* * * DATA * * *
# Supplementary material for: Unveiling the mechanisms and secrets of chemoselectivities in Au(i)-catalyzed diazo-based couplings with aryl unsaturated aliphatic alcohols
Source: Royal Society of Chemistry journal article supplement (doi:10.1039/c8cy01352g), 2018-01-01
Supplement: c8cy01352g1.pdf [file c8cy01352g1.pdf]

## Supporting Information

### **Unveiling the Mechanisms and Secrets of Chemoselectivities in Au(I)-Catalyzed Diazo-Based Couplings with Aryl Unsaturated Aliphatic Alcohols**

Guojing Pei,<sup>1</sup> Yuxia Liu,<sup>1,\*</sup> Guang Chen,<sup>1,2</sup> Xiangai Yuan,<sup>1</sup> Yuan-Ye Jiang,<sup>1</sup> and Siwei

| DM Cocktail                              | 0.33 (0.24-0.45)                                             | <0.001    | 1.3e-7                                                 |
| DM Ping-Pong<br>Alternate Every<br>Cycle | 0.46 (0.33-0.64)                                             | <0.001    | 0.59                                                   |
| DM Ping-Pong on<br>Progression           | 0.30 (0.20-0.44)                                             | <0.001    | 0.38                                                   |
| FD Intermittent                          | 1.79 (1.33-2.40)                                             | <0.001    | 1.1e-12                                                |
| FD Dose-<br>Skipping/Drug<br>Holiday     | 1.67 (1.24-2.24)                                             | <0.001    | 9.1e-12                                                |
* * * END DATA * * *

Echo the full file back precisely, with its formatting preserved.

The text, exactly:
# Supplementary material for: Unveiling the mechanisms and secrets of chemoselectivities in Au(i)-catalyzed diazo-based couplings with aryl unsaturated aliphatic alcohols
Source: Royal Society of Chemistry journal article supplement (doi:10.1039/c8cy01352g), 2018-01-01
Supplement: c8cy01352g1.pdf [file c8cy01352g1.pdf]

## Supporting Information

### **Unveiling the Mechanisms and Secrets of Chemoselectivities in Au(I)-Catalyzed Diazo-Based Couplings with Aryl Unsaturated Aliphatic Alcohols**

Guojing Pei,<sup>1</sup> Yuxia Liu,<sup>1,\*</sup> Guang Chen,<sup>1,2</sup> Xiangai Yuan,<sup>1</sup> Yuan-Ye Jiang,<sup>1</sup> and Siwei

| DM Cocktail                              | 0.33 (0.24-0.45)                                             | <0.001    | 1.3e-7                                                 |
| DM Ping-Pong<br>Alternate Every<br>Cycle | 0.46 (0.33-0.64)                                             | <0.001    | 0.59                                                   |
| DM Ping-Pong on<br>Progression           | 0.30 (0.20-0.44)                                             | <0.001    | 0.38                                                   |
| FD Intermittent                          | 1.79 (1.33-2.40)                                             | <0.001    | 1.1e-12                                                |
| FD Dose-<br>Skipping/Drug<br>Holiday     | 1.67 (1.24-2.24)                                             | <0.001    | 9.1e-12                                                |